Following the “Silence is Still Violence” march in October and student leaders’ calls for action from the University regarding issues of diversity and inclusion on campus, Boston College’s Division of Student Affairs announced that Dan Bunch, former director of the Learning to Learn program, would be working as the special assistant to the Vice President of Student Affairs Barb Jones, starting on Oct. 30.
Bunch is serving as a resource for Student Affairs, assisting BC in its ongoing efforts to provide assistance and support for AHANA students. He will also work with the Office of the Provost, Division of Mission & Ministry, and Office of Human Resources to foster student formation and inclusive excellence at Boston College, according to BC News.
Bunch had retired this past summer after spending over 35 years with Learning to Learn, a program that provides academic assistance to low-income and first-generation college students. His experience working with students in this program made him the natural choice for his new position, according to Jones.
“Dan has always had great relationships with a lot of the students, and we thought it would be a good idea to bring him back, so that we have another person involved in those conversations and to consult with as we look at [what] we’re doing,” Jones said.
Following the march, Bunch and other administrators met with student leaders to discuss a number of documents created by the BC community. They included a list of petitions created by prominent student leaders; proposals set forth by the Undergraduate Government of Boston College (UGBC), which passed a resolution called “A Resolution Concerning Bias-Related Incidents” in late October; and a document entitled “A Letter of Support for Our Black Students at Boston College,” which had been signed by 556 BC students and faculty as of Dec. 6. These documents list several demands for the administration in the coming months.
Although Bunch was brought on to his new role in response to the recent increased student involvement in matters relating to diversity and inclusion, the administration had been planning to update its approach to these topics since last summer. When student leaders approached them with their ideas, those plans shifted to incorporate their proposals.
“We have been doing a lot of things over the five years,” Jones said. “I’ve been here to improve the climate and to help out students and faculty and staff around diversity and inclusion, and clearly what’s happened this fall tells us we have a lot more to do.”
Bunch has made an effort to connect with students beyond these meetings in various ways, including attending an AHANA Caucus retreat and speaking at a recent meeting of BC’s United Front, which serves as an umbrella for organizations representing cultures from Africa and the African diaspora.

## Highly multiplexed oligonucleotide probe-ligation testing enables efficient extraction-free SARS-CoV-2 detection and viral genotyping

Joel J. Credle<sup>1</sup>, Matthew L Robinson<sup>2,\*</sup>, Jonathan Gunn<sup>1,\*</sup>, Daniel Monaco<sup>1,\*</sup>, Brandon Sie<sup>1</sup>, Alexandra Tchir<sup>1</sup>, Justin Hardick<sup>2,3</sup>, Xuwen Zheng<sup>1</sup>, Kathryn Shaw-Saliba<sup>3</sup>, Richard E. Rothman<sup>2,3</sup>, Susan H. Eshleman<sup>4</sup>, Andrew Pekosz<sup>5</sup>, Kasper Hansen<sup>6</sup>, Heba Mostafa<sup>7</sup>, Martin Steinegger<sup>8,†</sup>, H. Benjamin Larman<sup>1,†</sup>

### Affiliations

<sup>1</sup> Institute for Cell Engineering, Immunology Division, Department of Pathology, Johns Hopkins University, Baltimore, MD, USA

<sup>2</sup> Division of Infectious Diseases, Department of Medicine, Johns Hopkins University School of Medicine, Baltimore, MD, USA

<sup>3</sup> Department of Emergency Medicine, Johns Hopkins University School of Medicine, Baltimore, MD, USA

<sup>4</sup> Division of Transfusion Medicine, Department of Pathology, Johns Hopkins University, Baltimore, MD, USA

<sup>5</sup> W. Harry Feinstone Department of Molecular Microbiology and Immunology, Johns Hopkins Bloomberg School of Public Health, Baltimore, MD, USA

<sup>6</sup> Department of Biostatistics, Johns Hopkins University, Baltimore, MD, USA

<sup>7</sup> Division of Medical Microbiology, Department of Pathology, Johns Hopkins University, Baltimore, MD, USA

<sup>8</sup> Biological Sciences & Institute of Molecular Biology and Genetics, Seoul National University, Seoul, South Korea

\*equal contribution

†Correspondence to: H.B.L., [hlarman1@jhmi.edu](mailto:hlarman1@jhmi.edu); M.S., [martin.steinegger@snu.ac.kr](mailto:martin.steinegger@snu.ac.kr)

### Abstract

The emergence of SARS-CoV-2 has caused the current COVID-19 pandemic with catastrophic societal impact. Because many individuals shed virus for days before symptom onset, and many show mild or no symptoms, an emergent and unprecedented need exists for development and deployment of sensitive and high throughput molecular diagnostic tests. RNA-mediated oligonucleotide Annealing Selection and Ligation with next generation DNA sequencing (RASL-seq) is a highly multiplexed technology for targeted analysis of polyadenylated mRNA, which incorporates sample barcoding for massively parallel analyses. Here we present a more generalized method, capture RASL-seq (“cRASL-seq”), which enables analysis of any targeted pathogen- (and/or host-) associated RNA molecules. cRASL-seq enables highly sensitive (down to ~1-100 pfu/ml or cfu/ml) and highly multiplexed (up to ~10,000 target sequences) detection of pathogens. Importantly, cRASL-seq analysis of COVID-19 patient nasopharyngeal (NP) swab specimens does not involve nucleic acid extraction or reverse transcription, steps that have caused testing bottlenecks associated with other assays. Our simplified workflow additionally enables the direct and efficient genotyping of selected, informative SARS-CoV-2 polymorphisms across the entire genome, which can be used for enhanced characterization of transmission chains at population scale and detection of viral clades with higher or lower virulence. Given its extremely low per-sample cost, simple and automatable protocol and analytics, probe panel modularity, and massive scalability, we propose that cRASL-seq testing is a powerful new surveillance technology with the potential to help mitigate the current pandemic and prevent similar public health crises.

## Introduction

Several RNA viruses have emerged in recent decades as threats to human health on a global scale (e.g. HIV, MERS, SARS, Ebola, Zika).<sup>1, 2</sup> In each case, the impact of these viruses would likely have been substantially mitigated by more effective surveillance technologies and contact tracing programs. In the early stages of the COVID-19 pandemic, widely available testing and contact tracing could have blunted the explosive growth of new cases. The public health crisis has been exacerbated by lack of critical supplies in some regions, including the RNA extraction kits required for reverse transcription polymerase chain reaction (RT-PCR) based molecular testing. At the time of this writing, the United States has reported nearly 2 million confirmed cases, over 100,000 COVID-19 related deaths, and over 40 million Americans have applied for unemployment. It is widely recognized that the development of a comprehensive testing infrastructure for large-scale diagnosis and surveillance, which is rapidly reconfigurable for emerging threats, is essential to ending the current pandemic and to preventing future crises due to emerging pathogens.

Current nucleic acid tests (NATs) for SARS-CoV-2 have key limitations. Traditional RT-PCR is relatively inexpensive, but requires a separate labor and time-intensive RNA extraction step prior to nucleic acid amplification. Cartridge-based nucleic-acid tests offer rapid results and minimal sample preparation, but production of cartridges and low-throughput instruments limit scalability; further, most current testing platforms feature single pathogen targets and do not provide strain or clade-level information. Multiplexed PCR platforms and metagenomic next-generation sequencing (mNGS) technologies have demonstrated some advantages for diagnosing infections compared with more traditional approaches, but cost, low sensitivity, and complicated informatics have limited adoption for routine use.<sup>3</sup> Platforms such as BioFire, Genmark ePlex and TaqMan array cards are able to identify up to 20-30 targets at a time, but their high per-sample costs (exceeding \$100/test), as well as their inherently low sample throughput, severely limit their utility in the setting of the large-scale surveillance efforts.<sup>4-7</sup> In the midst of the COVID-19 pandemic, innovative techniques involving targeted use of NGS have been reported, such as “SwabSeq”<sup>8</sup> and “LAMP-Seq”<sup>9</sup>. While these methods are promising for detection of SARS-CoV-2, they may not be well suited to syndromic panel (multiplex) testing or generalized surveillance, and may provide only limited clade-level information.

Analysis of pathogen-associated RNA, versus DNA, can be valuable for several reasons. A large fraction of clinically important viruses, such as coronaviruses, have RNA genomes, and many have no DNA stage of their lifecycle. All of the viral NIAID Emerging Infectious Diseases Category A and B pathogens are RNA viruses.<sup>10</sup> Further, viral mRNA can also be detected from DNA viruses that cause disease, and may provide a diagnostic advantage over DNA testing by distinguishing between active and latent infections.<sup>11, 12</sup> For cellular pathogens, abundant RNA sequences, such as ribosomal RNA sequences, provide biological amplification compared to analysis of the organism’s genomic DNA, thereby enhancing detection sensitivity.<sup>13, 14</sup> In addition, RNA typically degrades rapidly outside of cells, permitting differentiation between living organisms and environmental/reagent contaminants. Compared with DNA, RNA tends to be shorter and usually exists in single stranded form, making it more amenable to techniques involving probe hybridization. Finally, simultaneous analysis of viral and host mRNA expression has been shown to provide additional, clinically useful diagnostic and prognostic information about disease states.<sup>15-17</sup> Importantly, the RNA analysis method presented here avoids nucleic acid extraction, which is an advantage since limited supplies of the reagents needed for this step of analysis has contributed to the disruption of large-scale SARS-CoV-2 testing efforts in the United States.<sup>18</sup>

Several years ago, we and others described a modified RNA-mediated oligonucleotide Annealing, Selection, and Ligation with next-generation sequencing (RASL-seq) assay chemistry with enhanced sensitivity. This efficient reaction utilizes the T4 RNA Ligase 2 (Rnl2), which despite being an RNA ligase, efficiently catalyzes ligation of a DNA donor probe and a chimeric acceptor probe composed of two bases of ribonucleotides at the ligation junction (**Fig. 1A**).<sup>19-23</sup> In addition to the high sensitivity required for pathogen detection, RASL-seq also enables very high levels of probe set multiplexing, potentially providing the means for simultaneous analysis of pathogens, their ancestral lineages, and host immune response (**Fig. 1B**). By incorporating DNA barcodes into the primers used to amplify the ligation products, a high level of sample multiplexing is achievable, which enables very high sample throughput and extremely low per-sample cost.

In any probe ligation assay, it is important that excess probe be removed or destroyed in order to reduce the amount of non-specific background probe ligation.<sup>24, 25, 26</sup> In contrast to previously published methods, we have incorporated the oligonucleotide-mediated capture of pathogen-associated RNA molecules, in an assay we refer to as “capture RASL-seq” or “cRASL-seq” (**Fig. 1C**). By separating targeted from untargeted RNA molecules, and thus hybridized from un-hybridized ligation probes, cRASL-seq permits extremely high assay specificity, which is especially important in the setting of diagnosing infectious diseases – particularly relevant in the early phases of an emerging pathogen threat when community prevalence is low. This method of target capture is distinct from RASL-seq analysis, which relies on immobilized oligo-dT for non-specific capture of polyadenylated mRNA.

Multiple administrators, including Bunch, released a letter on Nov. 20 explaining the University’s current plans to expand diversity and inclusion at BC. Many of the proposals that they suggested also appear on the various documents published by BC students.
One proposal, a diversity training module, has received a particularly high amount of attention from the administration. Like AlcoholEdu and Haven, this program would be mandatory for all incoming students. The administration hopes that by completing the module, students will be more aware of diversity on campus and feel more comfortable discussing it with their peers.
“The University was already planning to make some changes,” said Bunch. “And the students, when they came in, they threw out DiversityEdu. We were actually looking at different programs, but that was one we weren’t paying a lot of attention to.”
“We want to implement a program that’s going to have a lasting impact at Boston College,” Bunch said. “It’s a starting point for students to have a common language to talk about diversity.”
Bunch said that the University will ensure the module supports the administration’s goal to increase diversity and inclusion throughout the student body. At the moment, he says the administration is evaluating the program and how it can be integrated into BC.
Another issue with the module is the lack of an obvious next step after students have completed it. Currently, incoming freshman are exposed to the MOSAIC program only during Welcome Week.
“What we liked about DiversityEdu was that it had a model you could implement early on, but we’re not so sure about the follow-up,” Bunch said.
Diversity training for faculty and staff is also undergoing expansion as part of this process. Like the student-training module, this suggestion appeared in proposals from both UGBC and the administration.
“Now, every employee that is hired will have to do some diversity training through human resources,” Bunch said.
Although UGBC published the Resolution Concerning Bias-Related Incidents, there are no current plans for updating the code of conduct with regard to vandalism in residence halls. The defacing of “Black Lives Matter” signs in Roncalli Hall, along with a perceived lack of response by the administration, was one of the primary rallying points for Oct.’s march.
“Defacing of signs is already in the policy,” said Bunch. “You can’t condemn it any further. If you do those things, you’re violating BC’s policy.”
A survey on the undergraduate experience, which will have questions on subjects ranging from residential life to diversity and inclusion, is also in the works at the Office of Institutional Research.
Featured Image by Lee Pellegrini / University Communications